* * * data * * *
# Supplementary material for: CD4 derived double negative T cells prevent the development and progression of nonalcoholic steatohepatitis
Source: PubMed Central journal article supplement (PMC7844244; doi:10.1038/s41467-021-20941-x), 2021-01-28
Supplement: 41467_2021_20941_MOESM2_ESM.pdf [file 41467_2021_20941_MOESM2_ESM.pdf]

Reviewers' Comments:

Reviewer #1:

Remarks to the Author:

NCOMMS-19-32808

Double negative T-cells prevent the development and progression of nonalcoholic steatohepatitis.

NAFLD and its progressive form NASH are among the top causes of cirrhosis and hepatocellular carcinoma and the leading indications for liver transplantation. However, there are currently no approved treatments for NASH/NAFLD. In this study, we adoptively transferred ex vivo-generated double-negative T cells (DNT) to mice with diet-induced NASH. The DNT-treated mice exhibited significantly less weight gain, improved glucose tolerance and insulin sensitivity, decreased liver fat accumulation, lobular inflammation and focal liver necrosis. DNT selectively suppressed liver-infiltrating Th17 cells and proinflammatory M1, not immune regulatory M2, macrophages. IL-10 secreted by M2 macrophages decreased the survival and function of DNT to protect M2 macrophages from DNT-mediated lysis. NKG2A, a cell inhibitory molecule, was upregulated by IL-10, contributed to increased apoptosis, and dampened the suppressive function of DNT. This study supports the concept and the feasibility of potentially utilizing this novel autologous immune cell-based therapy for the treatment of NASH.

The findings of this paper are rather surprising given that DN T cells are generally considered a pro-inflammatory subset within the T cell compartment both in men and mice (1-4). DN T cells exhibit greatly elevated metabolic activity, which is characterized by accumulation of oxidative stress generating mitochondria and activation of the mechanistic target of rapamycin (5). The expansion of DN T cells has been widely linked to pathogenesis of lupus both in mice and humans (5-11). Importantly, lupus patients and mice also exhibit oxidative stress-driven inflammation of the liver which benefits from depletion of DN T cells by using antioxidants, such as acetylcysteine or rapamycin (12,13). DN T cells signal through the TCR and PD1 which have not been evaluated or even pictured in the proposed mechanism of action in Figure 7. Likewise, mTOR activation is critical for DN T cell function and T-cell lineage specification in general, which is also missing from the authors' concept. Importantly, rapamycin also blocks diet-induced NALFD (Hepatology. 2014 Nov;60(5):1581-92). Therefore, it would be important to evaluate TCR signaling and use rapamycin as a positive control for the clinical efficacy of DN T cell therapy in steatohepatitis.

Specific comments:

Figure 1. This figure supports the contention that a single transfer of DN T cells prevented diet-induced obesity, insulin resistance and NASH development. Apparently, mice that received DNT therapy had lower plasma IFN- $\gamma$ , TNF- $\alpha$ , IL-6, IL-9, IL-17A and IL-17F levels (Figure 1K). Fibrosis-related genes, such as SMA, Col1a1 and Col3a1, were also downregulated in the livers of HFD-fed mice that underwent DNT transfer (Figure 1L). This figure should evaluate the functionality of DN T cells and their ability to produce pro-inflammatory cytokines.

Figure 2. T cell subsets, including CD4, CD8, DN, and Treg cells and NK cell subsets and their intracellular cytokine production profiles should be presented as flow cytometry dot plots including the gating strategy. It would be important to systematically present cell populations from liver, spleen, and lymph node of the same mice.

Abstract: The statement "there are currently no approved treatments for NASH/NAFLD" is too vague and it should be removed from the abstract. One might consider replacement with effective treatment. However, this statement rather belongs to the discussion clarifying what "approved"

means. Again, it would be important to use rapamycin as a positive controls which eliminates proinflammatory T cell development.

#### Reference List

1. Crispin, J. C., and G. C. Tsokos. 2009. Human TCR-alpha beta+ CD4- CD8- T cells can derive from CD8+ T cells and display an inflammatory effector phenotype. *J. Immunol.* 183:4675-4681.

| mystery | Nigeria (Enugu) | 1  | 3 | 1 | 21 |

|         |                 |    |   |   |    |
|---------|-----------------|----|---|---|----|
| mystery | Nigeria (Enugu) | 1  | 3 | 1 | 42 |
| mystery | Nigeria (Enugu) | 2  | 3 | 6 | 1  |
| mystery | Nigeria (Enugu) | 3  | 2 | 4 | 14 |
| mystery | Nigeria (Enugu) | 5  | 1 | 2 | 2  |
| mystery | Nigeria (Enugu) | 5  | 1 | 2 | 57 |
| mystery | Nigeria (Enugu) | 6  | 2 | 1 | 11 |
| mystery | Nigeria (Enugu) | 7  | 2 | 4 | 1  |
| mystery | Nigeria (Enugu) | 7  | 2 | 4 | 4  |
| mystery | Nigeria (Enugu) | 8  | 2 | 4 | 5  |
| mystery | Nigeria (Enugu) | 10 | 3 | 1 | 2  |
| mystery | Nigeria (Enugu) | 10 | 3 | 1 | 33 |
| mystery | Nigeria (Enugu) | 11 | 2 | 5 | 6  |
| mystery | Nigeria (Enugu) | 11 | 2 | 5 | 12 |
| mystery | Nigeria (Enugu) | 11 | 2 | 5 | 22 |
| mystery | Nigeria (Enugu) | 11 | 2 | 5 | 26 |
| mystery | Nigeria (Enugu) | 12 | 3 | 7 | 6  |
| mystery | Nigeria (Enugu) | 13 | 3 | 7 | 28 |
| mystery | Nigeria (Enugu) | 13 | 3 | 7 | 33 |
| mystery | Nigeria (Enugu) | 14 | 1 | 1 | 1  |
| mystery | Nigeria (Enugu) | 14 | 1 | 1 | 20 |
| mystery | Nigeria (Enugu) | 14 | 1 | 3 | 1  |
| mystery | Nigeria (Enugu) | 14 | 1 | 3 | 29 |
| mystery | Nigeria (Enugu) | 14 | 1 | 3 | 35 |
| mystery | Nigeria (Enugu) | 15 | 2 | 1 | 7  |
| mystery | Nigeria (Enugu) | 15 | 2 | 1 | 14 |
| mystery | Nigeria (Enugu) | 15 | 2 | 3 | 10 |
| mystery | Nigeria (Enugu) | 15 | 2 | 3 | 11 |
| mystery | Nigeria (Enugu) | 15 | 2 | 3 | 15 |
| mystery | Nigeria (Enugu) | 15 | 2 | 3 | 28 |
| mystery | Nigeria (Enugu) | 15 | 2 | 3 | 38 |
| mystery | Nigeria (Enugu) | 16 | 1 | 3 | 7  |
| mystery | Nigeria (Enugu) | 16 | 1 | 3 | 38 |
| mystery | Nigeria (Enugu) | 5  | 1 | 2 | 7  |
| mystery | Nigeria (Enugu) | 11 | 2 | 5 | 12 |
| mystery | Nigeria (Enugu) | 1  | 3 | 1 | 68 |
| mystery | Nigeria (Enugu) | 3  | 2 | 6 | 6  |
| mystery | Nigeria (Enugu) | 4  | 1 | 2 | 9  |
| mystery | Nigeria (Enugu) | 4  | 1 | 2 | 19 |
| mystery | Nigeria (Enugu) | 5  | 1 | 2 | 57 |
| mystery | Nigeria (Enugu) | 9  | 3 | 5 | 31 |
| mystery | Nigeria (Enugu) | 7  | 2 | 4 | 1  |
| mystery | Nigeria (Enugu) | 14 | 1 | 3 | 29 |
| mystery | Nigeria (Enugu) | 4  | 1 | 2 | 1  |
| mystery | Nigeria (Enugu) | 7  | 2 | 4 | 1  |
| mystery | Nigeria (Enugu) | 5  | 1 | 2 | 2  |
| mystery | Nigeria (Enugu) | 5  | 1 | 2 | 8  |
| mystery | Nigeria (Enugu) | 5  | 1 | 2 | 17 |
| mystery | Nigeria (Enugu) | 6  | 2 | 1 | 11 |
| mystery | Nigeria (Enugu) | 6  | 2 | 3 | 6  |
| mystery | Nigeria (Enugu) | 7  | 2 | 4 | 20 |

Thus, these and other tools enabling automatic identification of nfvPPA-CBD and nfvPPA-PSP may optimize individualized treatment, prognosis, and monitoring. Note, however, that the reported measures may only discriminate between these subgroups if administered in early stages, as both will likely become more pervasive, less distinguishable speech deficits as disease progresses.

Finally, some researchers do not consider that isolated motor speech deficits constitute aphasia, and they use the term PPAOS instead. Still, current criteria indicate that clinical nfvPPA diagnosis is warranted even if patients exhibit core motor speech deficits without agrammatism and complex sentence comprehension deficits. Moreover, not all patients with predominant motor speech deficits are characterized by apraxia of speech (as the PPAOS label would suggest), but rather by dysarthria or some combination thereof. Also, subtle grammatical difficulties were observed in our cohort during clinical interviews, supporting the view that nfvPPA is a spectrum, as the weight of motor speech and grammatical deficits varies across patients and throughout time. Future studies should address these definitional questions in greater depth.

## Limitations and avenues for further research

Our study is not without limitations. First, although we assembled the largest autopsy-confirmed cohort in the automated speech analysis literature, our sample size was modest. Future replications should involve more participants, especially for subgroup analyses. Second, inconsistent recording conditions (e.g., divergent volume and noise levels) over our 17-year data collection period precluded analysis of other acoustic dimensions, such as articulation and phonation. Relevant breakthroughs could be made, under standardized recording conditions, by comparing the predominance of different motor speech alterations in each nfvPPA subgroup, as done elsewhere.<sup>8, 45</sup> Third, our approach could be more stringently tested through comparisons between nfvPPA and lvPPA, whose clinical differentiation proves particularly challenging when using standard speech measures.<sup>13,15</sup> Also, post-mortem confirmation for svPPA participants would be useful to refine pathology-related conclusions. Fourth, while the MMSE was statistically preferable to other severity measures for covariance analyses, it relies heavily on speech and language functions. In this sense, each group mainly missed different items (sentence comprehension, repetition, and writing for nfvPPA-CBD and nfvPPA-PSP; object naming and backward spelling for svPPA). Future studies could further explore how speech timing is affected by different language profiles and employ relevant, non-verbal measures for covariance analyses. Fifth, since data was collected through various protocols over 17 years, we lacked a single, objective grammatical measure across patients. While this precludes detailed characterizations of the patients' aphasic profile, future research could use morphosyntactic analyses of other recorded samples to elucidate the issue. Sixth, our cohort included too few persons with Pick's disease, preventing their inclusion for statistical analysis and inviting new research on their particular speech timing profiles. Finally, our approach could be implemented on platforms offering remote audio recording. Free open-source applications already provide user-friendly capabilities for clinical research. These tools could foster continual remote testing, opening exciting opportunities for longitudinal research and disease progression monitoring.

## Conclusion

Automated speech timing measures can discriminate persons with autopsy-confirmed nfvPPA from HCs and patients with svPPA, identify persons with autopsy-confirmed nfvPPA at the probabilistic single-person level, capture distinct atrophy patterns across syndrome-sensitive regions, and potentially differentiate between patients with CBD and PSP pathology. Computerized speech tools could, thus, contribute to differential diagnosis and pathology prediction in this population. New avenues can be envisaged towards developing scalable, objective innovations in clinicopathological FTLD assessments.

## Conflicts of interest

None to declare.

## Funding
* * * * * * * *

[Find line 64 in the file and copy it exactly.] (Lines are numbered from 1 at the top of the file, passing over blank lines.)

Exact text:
| mystery | Nigeria (Enugu) | 7  | 2 | 4 | 1  |